Kevin McStay reckons that the "Blue Book" was an embarassment and it's difficult to argue with him on that: "as a handbook it had the potential to be of benefit but once it strayed into pyscho-babble and bouts of paranoia, it was on to a loser".
Some parts have been published apparently. The only bit I could get my eyes on was the instructions to players about the jobs they have to do whether they are defenders, midfielders or forwards (over on Laoistalk forum). Laying down expectations and the demands that are expected from each player. Fair enough.
But, where the "Blue Book" goes too far, and where the GAA in general is gets of itself is in copying from professional sports. Copying the best of professionalism. Nothing wrong with that. Not doing it right. That is the problem.
The Blue Book is a perfect example. It's based on the idea of the Black Book, which Clive, sorry Sir Clive (nearly forgot he's a subject, not a citizen) Woodward introduced to the England rugby team to prepare them to win the rugby world cup. Which you'll remember they did. So in this case the Black Book was universally acclaimed as a great idea. He dedicates a chapter to it in his book Winning! Except in the Black Book there was no creed, no nonsense and bullshit. Instead it was about setting standards, goals, objectives and a philosophy of play. It contained a Code of Conduct e.g. switching off mobile phones for team meetings and punctuality, information for players on policies and procedures, fitness testing, media and medical support etc etc.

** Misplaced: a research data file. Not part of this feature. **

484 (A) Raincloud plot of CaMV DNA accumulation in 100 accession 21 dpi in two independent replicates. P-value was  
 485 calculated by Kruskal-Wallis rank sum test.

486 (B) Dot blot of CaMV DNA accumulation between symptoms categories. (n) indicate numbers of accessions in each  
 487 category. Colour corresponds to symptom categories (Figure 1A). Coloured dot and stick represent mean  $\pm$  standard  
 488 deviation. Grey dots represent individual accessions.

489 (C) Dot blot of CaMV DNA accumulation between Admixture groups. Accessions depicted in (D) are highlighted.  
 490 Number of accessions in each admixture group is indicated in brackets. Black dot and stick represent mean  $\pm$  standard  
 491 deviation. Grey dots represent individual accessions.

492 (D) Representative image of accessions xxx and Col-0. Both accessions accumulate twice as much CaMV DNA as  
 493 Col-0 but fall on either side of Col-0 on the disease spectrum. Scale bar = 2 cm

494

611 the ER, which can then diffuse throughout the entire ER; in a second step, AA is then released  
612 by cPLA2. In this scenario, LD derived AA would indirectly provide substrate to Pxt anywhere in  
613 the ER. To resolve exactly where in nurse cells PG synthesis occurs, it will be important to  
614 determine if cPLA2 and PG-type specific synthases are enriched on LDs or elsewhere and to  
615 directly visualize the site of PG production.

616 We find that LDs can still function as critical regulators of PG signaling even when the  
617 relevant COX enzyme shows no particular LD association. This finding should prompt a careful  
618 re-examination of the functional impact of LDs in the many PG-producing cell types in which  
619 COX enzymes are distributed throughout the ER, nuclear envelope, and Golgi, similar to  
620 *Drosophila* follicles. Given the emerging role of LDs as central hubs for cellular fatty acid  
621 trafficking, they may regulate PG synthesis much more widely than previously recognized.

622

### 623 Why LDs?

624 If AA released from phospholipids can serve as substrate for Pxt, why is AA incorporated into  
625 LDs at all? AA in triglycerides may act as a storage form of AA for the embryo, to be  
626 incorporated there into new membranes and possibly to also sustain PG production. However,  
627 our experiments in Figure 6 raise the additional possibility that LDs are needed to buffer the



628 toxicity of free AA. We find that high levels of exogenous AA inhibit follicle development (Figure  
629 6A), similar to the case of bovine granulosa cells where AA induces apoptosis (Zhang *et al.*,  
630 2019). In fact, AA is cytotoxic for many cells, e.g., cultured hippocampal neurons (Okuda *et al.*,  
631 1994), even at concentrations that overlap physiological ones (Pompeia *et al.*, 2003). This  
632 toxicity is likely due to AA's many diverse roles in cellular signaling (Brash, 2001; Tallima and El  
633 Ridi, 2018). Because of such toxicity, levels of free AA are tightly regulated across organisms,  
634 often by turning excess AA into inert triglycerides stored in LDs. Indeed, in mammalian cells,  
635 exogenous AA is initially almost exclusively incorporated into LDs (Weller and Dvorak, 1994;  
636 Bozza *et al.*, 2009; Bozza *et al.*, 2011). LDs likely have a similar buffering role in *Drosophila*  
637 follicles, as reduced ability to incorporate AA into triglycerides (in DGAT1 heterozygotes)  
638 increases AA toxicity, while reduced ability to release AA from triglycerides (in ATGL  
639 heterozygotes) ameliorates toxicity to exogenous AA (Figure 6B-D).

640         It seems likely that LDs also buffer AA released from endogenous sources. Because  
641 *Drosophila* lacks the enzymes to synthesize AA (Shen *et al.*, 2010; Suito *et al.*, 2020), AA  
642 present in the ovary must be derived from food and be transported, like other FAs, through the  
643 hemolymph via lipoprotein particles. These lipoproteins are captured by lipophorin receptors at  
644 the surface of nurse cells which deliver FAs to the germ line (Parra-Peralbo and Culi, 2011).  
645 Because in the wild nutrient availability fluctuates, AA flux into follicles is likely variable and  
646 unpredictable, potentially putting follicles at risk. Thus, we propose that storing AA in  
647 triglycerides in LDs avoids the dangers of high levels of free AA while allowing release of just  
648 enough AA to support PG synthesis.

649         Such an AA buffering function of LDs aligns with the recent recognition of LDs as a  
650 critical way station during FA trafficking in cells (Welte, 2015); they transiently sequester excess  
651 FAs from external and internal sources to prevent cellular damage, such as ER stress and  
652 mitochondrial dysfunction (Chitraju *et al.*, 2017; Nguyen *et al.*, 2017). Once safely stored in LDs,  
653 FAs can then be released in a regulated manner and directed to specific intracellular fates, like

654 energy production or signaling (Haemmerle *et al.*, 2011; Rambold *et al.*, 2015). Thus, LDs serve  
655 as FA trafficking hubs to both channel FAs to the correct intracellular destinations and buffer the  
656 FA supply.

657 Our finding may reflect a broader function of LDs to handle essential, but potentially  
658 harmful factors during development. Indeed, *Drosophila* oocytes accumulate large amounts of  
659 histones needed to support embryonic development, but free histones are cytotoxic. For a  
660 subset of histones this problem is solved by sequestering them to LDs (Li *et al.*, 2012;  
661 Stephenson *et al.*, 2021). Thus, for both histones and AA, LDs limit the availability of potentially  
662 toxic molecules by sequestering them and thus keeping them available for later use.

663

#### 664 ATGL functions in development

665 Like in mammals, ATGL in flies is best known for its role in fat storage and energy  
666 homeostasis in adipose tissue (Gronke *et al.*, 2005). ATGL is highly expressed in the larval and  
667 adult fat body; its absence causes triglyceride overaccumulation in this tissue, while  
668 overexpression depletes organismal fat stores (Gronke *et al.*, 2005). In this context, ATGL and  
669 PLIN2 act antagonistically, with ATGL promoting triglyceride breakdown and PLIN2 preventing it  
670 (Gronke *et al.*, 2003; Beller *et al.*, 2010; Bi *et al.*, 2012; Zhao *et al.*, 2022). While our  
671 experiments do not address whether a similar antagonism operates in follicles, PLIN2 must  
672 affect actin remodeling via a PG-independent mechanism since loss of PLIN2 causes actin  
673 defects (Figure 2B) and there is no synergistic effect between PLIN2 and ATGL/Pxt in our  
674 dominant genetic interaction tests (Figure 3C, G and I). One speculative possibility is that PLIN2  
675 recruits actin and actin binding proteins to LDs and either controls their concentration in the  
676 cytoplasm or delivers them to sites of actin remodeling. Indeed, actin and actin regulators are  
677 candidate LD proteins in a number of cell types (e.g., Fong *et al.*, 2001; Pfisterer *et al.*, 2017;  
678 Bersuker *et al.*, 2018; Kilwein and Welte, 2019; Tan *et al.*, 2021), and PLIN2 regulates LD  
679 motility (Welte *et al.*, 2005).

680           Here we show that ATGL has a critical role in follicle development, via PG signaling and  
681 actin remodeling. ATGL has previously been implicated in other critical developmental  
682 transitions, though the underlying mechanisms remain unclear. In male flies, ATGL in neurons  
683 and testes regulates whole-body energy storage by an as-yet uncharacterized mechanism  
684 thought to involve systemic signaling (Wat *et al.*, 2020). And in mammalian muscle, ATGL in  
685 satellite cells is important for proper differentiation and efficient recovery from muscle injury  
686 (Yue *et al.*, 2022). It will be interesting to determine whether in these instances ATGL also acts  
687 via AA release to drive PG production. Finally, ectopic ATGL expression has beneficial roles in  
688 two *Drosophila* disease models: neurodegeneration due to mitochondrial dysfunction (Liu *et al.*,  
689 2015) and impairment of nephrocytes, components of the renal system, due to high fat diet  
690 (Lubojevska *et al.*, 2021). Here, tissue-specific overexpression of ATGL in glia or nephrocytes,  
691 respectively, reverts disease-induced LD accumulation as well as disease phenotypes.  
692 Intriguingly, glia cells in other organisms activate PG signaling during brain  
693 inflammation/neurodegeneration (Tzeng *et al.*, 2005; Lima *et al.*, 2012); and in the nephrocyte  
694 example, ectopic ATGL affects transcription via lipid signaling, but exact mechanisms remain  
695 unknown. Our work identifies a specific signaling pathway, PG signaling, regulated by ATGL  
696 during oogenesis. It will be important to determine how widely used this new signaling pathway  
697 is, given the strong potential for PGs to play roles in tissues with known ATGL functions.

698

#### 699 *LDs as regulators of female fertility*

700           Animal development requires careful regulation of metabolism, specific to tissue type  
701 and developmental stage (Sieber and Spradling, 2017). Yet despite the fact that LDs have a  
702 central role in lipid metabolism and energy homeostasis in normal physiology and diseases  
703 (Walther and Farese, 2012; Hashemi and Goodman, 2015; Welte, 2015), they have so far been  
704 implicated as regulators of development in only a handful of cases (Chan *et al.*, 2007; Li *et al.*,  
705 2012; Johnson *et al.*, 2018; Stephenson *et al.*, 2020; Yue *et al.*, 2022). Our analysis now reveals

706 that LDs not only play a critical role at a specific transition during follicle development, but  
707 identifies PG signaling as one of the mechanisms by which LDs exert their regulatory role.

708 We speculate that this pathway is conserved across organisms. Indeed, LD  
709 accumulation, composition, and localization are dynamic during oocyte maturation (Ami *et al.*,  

Yes, there was some inspirational sayings and photographs. Afterall who reads books with no pictures? But none of the pyscho-babble that McStay describes is in the Blue Book. It was to prepare the players about practical matters.
Dublin's Blue Book in contrast, at a whopping 52 pages, sounds like a terrible ramble. I don't personally know any of the Dublin players, but if they are anything like any of the GAA teams I've played on a sheet of A4 would probably have done the job just as well.
What was in England's black book?
- Objectives for players, head coach and management.
- A code of conduct for everyone.
- Team policies and procedures.
- Notes about getting ready for an international match.
- A "Who's Who" of players, staff and officials.
- Information about the support teams: medical, technical, media, sponsorship.
- A schedule up to the World Cup.